“I like to stress the failure of our electoral system to excise the virus of the politics of patronage that has infected our so-called elections…xxx…This vicious politics of patronage has allowed few oligarchs and bosses to rule us from colonial times to post-colonial times and their rule has brought us nothing but a facade of democracy, its mirage but not its miracle.”
These are deep and beautiful words—and true. The ConCom chair voted for the status quo – the Presidential form of government.
In his speech delivered during the consultative committee en banc on February 27 on the vote for political system, Edmund Tayao said:
“The Presidential system is a zero-sum system. This is the finding of studies of so many scholars of comparative politics, political system and democracy and democratization.
“In a Presidential, system regardless of how many candidates and competing parties, only one can win and the significance of coalition building is dependent significantly on the winning candidate, that is, after the elections shall have already passed.”
And I might add too: The winner is the new “patron”; the loser again is us.
Today, with half-measures and reticence from DU30, a gap in the people’s understanding of federalism is widening. Congress has filled in this void, unfortunately injecting their selfish entitlements. Having captured the public discourse, it is now shaping the debate. This has given tremendous boost to their allies among the guardians of the status quo, martialing their forces and defending the bastion of their values and prerogatives – the 1987 Constitution.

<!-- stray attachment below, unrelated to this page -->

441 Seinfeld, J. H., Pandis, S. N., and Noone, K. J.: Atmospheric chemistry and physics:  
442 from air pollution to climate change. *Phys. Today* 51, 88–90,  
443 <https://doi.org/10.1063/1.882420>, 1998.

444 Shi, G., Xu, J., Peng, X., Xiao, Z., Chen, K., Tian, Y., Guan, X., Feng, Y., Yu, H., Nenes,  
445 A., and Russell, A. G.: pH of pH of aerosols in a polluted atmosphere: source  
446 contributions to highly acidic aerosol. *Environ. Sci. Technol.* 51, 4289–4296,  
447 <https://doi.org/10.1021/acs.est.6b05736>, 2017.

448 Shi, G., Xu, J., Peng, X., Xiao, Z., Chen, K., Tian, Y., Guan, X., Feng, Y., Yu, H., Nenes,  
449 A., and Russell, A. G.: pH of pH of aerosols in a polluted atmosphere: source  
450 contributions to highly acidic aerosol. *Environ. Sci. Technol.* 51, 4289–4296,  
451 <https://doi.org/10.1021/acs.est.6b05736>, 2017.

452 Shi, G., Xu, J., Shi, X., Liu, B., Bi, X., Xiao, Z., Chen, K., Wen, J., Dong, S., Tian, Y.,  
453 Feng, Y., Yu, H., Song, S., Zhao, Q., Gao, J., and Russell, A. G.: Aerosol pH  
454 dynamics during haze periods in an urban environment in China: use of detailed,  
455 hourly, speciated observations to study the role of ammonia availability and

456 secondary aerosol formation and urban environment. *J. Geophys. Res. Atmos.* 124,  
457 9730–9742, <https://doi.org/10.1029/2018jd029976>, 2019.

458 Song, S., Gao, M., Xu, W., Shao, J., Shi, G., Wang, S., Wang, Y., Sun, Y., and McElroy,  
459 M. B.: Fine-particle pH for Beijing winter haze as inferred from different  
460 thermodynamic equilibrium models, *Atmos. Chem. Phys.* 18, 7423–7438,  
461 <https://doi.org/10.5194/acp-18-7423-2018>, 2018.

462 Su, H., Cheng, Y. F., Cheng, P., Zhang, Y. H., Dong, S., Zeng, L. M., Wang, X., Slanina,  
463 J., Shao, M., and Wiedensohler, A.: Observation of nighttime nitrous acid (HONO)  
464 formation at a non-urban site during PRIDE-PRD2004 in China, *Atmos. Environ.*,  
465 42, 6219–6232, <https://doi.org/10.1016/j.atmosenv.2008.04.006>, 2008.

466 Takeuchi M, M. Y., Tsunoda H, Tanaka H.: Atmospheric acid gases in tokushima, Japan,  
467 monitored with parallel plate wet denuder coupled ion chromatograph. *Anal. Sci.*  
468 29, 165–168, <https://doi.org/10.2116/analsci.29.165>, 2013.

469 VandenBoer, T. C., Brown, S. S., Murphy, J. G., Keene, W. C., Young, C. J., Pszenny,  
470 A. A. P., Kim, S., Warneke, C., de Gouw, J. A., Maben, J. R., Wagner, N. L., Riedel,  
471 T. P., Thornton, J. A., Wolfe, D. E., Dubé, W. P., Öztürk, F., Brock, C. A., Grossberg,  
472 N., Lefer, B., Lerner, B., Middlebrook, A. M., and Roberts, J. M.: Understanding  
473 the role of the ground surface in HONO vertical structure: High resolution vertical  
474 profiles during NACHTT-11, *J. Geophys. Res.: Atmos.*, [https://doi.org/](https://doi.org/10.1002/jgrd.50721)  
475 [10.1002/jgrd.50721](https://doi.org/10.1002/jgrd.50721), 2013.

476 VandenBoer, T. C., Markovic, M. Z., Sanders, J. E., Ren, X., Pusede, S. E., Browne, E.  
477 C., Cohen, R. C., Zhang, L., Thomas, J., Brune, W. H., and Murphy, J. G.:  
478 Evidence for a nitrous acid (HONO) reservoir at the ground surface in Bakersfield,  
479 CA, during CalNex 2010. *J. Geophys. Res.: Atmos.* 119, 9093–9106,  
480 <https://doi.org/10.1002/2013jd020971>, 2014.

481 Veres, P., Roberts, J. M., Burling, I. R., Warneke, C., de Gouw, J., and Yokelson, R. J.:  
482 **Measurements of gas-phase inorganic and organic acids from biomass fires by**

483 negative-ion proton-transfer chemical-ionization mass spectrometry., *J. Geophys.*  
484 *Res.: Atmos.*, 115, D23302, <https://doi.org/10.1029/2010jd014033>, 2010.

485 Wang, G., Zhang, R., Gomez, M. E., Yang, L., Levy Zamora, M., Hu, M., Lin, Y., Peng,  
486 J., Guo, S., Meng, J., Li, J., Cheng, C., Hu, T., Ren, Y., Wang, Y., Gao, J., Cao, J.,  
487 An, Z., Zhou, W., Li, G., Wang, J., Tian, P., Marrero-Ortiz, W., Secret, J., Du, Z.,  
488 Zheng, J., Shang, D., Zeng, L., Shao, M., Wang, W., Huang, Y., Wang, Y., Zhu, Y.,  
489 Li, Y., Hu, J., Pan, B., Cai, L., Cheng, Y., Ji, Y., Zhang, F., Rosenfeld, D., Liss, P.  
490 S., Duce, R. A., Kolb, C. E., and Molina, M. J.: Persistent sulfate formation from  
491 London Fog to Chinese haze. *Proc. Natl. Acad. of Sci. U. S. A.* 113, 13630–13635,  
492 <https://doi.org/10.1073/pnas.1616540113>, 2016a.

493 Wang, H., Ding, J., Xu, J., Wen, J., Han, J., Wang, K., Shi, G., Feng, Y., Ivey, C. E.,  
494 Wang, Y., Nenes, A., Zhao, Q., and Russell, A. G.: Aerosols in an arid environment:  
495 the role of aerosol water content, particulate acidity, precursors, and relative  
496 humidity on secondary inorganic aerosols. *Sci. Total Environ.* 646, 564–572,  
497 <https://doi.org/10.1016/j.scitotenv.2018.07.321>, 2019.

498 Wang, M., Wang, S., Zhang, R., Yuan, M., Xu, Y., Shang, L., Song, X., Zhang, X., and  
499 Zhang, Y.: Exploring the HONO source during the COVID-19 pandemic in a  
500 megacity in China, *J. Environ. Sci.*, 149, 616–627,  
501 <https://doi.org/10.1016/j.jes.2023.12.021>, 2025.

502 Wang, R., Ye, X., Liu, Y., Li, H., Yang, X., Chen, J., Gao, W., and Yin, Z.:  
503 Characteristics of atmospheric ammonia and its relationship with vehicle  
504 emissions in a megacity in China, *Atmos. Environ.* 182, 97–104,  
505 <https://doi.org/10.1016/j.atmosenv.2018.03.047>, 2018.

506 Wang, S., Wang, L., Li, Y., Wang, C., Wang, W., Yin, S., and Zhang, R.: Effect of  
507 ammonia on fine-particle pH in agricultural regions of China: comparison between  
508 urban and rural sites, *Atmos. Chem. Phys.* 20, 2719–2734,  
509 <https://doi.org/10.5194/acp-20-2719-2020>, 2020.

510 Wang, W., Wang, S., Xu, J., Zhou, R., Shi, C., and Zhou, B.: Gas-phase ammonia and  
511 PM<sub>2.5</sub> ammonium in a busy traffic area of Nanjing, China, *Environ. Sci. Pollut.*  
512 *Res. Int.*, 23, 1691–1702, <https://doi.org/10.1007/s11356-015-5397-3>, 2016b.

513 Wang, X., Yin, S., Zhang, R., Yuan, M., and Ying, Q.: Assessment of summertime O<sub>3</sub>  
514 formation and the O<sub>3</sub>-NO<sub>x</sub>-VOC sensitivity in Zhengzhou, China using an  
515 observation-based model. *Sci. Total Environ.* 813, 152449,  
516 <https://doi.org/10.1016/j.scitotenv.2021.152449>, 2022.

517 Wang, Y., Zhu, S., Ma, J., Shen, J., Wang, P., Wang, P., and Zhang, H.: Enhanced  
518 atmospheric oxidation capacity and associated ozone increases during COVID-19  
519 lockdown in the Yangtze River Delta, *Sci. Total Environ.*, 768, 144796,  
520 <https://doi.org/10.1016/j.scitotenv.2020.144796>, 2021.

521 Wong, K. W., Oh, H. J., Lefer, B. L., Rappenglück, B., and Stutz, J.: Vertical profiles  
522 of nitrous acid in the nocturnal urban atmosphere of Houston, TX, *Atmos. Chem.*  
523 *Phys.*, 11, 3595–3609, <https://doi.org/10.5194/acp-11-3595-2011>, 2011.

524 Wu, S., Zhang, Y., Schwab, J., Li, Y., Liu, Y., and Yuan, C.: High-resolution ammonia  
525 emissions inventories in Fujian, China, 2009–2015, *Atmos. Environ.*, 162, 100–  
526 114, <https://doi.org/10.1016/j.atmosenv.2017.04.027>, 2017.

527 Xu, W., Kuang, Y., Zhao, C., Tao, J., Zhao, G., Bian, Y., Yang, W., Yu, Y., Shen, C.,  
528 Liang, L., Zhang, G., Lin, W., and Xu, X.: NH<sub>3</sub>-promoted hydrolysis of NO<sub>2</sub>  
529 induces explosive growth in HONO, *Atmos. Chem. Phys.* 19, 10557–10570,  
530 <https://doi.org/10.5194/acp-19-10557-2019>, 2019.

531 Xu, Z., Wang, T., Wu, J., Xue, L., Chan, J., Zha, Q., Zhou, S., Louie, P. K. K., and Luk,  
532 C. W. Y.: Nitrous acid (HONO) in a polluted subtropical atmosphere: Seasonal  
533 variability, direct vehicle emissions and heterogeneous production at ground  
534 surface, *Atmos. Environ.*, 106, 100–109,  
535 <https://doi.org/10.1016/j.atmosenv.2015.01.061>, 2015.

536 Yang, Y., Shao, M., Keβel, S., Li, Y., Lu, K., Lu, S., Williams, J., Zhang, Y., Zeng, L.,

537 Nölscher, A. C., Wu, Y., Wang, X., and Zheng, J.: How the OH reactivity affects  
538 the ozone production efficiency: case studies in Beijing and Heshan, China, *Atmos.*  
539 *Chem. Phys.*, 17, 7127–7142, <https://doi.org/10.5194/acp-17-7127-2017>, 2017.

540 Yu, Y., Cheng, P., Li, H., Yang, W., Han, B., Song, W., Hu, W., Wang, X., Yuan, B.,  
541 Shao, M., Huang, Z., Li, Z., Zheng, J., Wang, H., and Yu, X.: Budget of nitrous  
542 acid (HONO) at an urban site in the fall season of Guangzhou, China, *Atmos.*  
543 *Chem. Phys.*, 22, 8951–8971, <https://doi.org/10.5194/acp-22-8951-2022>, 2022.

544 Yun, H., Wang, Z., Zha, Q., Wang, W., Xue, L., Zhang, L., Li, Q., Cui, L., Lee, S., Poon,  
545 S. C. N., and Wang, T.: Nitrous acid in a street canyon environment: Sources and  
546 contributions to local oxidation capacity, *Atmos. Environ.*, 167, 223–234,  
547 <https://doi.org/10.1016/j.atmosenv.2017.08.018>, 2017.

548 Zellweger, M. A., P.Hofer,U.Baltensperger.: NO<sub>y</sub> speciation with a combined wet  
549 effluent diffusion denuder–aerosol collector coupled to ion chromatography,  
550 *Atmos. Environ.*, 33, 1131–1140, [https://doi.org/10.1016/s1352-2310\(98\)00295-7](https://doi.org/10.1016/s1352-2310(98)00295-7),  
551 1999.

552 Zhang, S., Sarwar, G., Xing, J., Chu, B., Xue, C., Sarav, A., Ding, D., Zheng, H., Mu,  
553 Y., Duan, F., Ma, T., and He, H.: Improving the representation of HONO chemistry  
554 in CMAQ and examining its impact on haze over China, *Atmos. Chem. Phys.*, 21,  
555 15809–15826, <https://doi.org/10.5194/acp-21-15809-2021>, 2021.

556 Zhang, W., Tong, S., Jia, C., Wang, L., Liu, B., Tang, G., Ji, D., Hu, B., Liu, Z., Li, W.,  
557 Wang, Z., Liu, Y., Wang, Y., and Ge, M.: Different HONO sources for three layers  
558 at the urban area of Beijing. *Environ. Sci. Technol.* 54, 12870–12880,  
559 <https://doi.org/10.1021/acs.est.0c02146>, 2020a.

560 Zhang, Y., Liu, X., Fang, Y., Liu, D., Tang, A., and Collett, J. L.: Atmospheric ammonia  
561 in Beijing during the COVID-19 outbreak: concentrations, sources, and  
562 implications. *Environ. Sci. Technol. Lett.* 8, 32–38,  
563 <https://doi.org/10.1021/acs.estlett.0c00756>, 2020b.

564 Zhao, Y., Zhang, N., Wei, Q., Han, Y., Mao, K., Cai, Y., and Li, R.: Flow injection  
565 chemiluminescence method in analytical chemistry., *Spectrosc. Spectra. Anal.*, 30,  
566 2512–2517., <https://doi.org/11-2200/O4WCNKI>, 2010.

And therein lies the conundrum. To whom will the people defer for the documents articulating “pagbabago”? The consultative assembly (ConAss), the same institution that for 32 years has refused to pass a law against self-interest on the prohibition of political dynasties? The ConCom, one that has abrogated its gift to articulate the people’s voice in its capitulation vote “for the familiar”?
The level of frustration has gone up several notches and if one listens to the rumblings in the streets, the dangerous whispers of RevGov (revolutionary government) as an opening aria to dictatorship are beginning to gain traction. God help us!
(This column first appeared in The Manila Times issue of 08 March 2018 http://www.manilatimes.net/can-con-com-con-ass-speak-for-us/384750/
Lito Monico C. Lorenzana, a Dabawenyo based in Manila, served under four Philippine Presidents as a member of the Cabinet and several Commissions. A Harvard Kennedy School of Government-educated political technocrat, he was one of the prime movers of the Citizens Movement for Federal Philippines, Secretary General of the 2005 Consultative Commission, and one of the founders of the Centrist Democratic Party of the Philippines, Ang Partido ng Tunay na Demokrasya and the Centrist Democracy Political Institute)